On August 25, Clinton’s strategy came to the fore. In a speech in Nevada, she officially anointed Ryan as the exemplar of the Republican Party’s sensible, “normal” wing, sidelining Trump as the dangerous (“alt-right”) exception. All this, of course, was intended to expedite the defection of Republicans offended by their party’s nominee.
“You begin to take all kinds of ways of changing people’s perception: who the Other is. And as soon as you can lower the Other—which, you know, Trump has done wonderfully. He’s used the word rapist. That’s a horrible word. Murderer . . . One group has been lowered; a different group has been raised. And the difference is that the one group can tell the other group to leave. Put on buses and taken away.”
It would take more pages than there are minutes in the day, of course, to document fully the ways Paul Ryan Republicanism—“regular” Republicanism—should not in any way, shape, or form be considered “normal.”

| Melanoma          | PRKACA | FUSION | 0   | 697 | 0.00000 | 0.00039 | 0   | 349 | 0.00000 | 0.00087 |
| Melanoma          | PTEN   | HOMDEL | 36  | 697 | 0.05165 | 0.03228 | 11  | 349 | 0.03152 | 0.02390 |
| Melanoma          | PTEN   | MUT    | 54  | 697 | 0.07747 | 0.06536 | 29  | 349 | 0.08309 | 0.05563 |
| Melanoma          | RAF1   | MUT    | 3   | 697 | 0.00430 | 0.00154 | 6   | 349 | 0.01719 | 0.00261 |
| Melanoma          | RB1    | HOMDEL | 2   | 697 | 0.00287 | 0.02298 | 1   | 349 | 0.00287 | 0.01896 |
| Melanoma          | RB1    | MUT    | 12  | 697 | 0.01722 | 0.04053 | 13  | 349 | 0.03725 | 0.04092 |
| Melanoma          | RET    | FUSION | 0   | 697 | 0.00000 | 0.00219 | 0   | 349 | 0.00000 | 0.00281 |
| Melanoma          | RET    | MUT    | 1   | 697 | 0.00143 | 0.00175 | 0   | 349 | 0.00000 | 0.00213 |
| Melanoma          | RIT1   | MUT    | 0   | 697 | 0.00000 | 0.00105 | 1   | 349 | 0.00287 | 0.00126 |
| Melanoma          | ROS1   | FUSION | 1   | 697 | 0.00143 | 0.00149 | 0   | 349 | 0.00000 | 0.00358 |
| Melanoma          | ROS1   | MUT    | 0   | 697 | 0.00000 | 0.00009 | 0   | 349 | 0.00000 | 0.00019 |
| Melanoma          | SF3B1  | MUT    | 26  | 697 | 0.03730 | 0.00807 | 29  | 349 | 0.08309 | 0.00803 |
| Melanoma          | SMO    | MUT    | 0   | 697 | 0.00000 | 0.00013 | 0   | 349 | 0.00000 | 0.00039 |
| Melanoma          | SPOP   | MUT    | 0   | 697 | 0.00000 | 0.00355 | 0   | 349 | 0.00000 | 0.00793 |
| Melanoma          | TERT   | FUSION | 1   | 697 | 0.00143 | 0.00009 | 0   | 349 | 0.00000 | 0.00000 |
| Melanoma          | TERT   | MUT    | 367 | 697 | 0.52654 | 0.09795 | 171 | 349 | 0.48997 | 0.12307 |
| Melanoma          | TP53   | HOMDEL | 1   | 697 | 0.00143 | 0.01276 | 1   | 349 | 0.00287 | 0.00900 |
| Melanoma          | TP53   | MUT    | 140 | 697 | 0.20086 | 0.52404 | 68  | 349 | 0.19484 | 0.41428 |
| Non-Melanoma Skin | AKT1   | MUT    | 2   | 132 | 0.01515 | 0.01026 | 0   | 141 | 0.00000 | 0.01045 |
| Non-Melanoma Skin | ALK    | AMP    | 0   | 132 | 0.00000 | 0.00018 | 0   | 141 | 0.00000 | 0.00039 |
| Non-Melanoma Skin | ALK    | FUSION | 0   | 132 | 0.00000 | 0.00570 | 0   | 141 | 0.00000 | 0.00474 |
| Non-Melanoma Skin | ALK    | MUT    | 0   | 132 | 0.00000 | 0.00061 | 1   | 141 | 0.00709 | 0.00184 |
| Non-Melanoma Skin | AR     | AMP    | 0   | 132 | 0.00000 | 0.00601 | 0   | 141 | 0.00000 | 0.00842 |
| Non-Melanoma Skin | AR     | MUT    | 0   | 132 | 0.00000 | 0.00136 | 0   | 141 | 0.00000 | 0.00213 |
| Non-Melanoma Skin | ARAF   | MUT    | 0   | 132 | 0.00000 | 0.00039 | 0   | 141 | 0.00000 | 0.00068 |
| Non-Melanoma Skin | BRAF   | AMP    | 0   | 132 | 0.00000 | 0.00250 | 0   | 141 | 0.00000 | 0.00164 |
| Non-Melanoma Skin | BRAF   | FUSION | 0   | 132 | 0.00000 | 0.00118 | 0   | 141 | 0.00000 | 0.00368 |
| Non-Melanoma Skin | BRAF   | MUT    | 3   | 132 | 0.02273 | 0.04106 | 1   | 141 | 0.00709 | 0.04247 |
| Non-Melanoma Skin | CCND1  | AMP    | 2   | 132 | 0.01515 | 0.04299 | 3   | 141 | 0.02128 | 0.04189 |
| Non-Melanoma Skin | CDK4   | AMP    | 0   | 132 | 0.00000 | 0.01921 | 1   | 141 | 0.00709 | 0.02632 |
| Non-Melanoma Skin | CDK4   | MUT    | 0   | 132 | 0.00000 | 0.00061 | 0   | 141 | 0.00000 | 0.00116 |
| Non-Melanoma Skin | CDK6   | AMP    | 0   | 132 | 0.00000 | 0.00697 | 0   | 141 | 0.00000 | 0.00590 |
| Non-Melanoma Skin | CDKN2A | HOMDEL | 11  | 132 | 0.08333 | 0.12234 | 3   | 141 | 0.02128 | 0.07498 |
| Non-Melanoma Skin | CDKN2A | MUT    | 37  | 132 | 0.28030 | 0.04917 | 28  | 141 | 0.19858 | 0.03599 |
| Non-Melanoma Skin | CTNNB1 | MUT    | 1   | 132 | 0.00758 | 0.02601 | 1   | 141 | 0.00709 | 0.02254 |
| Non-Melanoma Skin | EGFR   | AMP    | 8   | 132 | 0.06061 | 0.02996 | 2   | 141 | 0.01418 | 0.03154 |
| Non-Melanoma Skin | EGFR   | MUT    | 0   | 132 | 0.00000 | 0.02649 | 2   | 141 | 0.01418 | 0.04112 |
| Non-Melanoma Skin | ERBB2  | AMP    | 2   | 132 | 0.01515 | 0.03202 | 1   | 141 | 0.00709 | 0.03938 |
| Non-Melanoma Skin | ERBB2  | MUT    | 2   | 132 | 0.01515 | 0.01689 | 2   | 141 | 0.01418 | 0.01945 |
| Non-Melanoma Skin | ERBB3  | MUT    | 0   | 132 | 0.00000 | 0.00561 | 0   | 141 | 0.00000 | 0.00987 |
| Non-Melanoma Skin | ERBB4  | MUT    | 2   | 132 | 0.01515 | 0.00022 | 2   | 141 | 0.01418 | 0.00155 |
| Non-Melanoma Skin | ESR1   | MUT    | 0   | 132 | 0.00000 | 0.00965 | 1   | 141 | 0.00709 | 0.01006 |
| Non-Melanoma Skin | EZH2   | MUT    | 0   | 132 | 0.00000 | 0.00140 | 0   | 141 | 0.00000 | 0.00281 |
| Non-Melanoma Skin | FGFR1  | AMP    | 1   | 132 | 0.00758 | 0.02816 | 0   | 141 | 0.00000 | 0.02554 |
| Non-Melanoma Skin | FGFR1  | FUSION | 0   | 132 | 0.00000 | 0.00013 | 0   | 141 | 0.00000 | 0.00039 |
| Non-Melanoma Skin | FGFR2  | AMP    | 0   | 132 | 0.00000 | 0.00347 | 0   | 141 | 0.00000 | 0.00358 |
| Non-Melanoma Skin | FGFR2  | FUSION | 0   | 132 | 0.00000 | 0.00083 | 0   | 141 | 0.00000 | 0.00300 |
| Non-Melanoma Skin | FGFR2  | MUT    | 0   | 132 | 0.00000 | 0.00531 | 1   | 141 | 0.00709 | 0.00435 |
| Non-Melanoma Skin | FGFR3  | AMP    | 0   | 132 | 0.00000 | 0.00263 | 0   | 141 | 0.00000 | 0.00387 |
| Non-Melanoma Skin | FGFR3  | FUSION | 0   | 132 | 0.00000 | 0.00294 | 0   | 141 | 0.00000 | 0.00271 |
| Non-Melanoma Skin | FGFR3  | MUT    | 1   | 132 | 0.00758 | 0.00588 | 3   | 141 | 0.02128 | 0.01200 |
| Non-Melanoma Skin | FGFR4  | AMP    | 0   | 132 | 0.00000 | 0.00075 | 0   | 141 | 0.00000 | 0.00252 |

Ah, those craven fiends atop the Republican Party, whoring before power and calling it “unity.” Consider Chris Christie: We haven’t seen political hypocrisy this flagrant since Richard Nixon savaged Harry Truman in 1960 for uttering the word “damn.”
Our wise founders were radical impersonalists. When they wrote arguments for publication in newspapers, they preferred to do so anonymously, using pseudonyms like “Publius”—lest the attachment of a distinguished name distract the reader from the content and quality of the argument. Trump’s personalism, on the other hand, is how he pushes away the protection of constitutional principle with every fiber of his being.
How to explain Donald Trump? It has nothing to do with polls, political rhetoric, tactics, strategy, or history. It has everything to do with reality TV — which the chattering classes don’t know jack about. Some of us might even be proud of that. Yuuuuge problem.
Today the Weekend Reader brings you The Naked Society, by journalist and author Vance Packard. This 1964 classic was certainly far ahead of its time, discussing the dangers of new technology infringing upon our right to privacy. While worrisome then — with new developments in surveillance methods during the 1960s — it is far more salient today. The […]